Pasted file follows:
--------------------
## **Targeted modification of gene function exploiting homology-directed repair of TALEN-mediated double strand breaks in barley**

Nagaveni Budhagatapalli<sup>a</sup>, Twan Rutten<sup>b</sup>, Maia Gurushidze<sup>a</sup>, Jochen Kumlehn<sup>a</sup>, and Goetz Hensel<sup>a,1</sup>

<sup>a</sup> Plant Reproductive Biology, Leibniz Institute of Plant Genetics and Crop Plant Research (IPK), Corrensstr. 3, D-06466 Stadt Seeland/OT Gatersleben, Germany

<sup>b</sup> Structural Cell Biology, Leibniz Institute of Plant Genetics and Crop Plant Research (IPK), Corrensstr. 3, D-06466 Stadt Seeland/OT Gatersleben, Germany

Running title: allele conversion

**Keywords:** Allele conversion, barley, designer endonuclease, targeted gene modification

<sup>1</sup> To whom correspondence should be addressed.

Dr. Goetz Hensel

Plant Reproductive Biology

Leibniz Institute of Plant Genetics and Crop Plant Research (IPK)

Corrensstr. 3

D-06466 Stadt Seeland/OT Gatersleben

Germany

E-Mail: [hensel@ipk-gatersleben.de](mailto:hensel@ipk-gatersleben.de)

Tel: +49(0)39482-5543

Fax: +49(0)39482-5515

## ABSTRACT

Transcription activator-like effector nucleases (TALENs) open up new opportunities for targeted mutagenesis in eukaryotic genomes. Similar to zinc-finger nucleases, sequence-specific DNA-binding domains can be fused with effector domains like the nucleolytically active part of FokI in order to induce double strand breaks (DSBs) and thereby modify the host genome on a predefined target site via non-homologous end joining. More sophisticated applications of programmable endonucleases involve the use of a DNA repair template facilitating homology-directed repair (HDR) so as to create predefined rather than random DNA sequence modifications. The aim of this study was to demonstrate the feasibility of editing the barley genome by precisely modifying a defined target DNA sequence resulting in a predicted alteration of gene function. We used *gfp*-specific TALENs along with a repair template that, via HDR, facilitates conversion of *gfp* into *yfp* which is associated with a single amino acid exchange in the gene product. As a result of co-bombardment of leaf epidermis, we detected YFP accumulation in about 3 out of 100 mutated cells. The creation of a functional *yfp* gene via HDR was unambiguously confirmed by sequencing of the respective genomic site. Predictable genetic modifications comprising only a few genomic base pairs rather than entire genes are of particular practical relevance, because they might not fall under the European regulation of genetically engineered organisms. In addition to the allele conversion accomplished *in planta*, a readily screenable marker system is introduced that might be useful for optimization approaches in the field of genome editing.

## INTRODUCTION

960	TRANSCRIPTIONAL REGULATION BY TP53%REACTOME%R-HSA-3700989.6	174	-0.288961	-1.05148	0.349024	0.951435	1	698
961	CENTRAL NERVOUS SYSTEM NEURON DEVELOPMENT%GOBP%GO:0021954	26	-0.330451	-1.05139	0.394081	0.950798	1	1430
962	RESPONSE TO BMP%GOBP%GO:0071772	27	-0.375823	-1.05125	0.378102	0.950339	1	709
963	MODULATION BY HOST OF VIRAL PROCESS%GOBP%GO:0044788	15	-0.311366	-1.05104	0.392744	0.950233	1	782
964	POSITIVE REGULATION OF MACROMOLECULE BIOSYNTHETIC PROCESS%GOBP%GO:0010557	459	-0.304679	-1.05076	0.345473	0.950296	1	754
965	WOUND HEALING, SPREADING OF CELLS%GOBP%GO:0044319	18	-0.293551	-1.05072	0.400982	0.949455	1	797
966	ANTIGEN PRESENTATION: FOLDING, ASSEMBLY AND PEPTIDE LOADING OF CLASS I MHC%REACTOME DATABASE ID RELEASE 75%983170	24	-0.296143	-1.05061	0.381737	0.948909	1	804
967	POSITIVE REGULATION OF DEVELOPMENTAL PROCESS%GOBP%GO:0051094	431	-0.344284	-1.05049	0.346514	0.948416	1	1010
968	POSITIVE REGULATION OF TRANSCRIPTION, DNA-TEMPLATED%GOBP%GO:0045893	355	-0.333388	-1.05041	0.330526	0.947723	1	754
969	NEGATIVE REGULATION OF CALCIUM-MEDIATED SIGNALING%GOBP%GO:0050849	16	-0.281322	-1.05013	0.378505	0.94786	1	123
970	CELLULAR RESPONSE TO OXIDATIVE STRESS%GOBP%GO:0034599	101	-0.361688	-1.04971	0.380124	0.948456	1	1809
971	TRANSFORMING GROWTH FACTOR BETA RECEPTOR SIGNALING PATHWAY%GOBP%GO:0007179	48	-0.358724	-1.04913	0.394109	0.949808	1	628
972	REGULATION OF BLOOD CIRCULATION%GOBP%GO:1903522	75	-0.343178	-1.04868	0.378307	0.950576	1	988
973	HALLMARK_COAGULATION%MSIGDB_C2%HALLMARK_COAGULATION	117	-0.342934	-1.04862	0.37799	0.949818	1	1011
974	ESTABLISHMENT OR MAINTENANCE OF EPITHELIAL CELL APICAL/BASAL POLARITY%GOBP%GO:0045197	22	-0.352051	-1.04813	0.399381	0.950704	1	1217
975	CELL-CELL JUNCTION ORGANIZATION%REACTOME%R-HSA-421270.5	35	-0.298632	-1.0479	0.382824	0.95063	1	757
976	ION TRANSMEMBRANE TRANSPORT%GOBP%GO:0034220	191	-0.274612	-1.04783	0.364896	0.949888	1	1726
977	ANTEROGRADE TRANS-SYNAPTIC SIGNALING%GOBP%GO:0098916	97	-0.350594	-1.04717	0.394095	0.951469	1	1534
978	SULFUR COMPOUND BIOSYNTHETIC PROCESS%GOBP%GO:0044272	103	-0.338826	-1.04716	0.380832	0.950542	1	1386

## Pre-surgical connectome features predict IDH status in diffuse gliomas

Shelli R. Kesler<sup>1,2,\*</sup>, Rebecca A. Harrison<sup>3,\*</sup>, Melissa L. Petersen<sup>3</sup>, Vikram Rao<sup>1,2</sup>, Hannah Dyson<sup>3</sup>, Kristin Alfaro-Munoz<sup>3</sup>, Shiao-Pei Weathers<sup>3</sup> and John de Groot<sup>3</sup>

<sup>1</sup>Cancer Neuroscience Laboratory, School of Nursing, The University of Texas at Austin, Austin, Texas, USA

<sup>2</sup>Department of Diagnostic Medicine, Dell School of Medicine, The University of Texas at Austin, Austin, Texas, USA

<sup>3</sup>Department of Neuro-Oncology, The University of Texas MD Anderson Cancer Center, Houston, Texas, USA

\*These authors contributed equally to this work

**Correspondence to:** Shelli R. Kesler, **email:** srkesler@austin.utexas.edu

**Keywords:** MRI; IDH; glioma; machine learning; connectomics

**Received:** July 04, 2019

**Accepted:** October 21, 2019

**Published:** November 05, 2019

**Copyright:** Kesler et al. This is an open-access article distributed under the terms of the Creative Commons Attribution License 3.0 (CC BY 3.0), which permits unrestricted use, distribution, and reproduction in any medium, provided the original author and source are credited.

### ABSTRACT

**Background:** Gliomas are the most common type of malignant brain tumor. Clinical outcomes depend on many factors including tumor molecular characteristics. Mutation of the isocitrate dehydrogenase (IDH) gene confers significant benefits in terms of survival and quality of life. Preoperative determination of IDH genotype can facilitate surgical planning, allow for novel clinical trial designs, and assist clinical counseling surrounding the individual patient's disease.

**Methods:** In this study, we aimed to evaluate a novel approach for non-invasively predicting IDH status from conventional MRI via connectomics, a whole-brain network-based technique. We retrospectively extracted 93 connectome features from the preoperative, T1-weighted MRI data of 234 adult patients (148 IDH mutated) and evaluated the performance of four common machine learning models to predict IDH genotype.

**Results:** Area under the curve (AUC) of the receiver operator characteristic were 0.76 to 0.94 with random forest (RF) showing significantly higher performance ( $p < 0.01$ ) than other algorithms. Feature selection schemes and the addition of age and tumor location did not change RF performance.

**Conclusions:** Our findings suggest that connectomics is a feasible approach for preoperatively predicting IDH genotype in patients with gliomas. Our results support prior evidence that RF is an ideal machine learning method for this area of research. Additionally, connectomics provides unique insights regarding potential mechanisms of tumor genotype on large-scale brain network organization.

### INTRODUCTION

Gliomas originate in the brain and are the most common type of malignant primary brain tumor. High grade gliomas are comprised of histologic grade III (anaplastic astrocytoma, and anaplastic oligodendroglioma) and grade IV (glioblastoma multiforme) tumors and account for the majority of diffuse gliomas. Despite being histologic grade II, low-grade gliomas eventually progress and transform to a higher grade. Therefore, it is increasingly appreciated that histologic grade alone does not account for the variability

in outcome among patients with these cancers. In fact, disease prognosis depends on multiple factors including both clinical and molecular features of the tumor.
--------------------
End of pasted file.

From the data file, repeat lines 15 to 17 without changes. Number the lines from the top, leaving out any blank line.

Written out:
Tel: +49(0)39482-5543

Fax: +49(0)39482-5515

## ABSTRACT